Additionally, it appears to us that the submission of the form is part of a larger bifurcated process for applying for [agency] insurance. [Agency applicants] must register their projects before they formally apply for [agency] insurance to maintain their projects' eligibility status. The [registration] form warns potential [applicants] that if the [applicants] make commitments on a particular project without properly registering their projects with [the agency], the project would automatically become ineligible for [agency] insurance consideration. While we recognize that the [registration form] may serve other administrative purposes, such as providing a mechanism for [the agency] to screen out those projects which do not meet [agency] eligibility or other policy criteria, this does not change the fundamental nature of the registration as a preliminary requirement for applying for and maintaining eligibility for [agency] insurance for an identifiable project.

The submission of [a registration form] is a "particular matter involving a specific party." The [applicant] submitting the [registration form] is a party to the matter. A party is defined as "[a] person concerned or having or taking part in an affair, matter, transaction, or proceeding, considered individually."4 In the case at hand, the [registration form] is being submitted by the [applicant] to [the agency] to satisfy an [agency] requirement.

While you analyzed whether [the agency] was a party, that is only relevant in determining whether the "United States . . . is a party or has a substantial interest." [The agency] is not and need not be a party to trigger this provision because [the agency] does have a direct and substantial interest in the proper registration of projects. An [agency] insurance officer is assigned to review completed registration forms. This officer reviews the [registration form] to ensure that initial eligibility requirements have been met by the [applicant]. This review will result in a decision on whether the project merits further consideration by [the agency] and whether the [applicant] can proceed to the next step for applying for [agency] insurance. [The agency] does have a substantial interest in ensuring that only new projects that meet certain eligibility criteria are registered and subsequently considered for further [agency] insurance consideration. In conclusion, we are of the opinion that the submission of [a registration form] is a particular matter which does involve a party and that [the agency] does have a direct and substantial interest in the process of registering projects.

Question 2 

You asked whether a registered [project] is a matter which is "actually pending" before [the agency] between the time the [project] is registered and the receipt by [the agency] of a formal insurance application with respect to a particular project. You concluded that you did not believe that such a matter can be considered to be "actually pending" before [the agency] because there is nothing under consideration prior to the filing of an insurance application. Additionally, you stated that once the registration is granted, the registration process is complete and there is no longer a matter "pending" before the insurance officer.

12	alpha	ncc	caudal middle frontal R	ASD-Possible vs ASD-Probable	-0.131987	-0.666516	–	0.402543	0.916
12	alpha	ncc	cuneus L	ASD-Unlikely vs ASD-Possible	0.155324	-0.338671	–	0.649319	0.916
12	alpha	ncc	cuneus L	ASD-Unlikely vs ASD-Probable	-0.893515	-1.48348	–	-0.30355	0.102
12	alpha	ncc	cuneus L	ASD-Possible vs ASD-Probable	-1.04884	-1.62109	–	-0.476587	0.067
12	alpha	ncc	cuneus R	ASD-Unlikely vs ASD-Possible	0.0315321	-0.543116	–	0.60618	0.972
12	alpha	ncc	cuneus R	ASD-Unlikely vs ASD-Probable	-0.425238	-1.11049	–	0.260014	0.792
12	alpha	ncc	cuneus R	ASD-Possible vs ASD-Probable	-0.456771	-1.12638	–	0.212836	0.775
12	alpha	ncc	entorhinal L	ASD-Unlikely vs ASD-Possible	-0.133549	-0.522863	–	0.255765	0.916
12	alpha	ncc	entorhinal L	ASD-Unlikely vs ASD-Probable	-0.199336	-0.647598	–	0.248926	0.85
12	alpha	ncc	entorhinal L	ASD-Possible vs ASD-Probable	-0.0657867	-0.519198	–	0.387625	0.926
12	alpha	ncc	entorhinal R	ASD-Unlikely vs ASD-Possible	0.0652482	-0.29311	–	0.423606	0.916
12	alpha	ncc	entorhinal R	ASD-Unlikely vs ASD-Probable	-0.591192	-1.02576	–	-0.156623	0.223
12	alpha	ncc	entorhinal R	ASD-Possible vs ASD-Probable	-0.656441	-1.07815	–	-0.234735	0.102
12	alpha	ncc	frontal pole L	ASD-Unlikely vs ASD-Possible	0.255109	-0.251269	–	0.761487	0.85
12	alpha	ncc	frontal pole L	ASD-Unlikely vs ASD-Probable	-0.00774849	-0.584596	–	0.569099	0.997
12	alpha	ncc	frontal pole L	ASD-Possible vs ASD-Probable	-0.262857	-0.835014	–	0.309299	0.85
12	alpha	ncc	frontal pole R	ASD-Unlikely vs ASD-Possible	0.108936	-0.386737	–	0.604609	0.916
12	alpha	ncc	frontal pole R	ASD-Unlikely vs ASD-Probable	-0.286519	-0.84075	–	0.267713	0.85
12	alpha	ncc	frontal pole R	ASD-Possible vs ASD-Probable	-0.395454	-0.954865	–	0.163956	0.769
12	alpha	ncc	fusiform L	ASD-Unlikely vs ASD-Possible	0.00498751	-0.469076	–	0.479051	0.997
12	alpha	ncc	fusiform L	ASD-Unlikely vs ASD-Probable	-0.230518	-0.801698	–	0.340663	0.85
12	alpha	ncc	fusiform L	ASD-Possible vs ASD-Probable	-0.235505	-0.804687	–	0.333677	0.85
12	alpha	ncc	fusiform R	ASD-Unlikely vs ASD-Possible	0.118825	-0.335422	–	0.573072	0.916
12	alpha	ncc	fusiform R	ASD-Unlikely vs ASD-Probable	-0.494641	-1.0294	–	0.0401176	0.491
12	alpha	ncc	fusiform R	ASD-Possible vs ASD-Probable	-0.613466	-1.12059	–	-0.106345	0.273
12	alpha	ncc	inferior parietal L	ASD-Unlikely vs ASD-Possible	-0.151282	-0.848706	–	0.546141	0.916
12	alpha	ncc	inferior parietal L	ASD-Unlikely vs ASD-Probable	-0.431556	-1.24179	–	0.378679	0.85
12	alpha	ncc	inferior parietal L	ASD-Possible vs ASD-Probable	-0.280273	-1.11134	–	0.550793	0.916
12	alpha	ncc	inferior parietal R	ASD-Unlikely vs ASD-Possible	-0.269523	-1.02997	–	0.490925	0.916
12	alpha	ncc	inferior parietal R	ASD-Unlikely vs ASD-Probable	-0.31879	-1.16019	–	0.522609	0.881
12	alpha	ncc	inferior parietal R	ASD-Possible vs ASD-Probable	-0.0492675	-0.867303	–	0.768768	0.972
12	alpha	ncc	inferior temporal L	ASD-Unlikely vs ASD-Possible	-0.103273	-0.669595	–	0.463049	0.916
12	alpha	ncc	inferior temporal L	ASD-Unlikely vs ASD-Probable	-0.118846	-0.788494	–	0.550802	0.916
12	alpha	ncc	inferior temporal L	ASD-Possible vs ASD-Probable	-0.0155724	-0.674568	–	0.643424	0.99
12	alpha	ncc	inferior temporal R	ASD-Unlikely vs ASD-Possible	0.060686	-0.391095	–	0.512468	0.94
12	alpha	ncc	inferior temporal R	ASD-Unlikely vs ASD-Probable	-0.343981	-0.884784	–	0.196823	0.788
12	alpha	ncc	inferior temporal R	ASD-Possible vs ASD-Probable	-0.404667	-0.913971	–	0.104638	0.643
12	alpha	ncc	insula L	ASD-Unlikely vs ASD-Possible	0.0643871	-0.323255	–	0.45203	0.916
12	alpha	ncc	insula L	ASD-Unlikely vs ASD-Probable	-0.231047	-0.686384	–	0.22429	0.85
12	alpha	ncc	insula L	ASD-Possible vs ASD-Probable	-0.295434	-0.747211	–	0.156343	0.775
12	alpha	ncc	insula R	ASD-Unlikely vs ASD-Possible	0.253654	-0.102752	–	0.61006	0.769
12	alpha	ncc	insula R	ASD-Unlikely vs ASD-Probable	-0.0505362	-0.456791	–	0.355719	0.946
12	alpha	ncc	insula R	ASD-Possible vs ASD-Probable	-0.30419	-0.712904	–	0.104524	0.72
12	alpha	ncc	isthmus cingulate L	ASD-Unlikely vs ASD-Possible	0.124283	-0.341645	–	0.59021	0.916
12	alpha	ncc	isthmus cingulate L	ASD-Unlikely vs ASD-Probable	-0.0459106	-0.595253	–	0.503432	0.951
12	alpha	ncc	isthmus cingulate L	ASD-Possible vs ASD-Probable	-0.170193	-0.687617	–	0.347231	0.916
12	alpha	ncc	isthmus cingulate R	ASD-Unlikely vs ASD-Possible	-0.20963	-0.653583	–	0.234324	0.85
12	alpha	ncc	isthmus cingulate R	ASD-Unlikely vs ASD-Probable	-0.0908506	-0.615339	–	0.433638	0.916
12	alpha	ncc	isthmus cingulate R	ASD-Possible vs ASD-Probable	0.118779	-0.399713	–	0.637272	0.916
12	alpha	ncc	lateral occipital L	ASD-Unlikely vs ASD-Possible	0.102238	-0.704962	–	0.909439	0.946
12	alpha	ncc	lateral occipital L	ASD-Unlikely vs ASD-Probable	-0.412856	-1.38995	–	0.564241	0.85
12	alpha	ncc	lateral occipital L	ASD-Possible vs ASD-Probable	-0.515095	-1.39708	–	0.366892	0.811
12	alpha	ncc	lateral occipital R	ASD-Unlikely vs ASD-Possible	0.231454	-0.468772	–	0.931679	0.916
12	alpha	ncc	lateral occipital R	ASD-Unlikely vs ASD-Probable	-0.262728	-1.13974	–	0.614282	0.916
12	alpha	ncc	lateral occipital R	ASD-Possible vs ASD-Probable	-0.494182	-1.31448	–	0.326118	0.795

As you know, 5 C.F.R. § 2637.202(c) defines the term "actually pending" to mean that "the matter was in fact referred to or under consideration by persons within the employee's area of responsibility." The restriction does not apply merely because the official's official responsibility includes responsibility for the same general types of matter so that theoretically a particular matter could have come under the official's supervisory authority.5 Further, as an additional aid in understanding the meaning of the term "actually pending," we note that Black's Law Dictionary defines the term "pending" to mean:

[b]egun, but not yet completed; during; before the conclusion of; prior to the completion of; unsettled; undetermined; in the process of settlement or adjustment.
Awaiting an occurrence or conclusion of action, per continuance or indeterminacy.6 

You claim that the registration of a project ends the matter of registration and that therefore nothing remains pending before [the agency]. The registration of a project is the first step of a two-tiered process for applying for insurance from [the agency]. The act of registration does not conclude an [applicant's] attempt to secure [agency] insurance but rather enables the [applicant] to submit a formal application concerning a particular and identifiable project that meets the initial eligibility requirements. As indicated on the registration form, the overall purpose for registering a project is to maintain its eligibility for [agency] insurance. The information which is submitted by individual [applicants] during the registration process7 is used by [agency] employees later in the application process to determine whether a project should be granted insurance.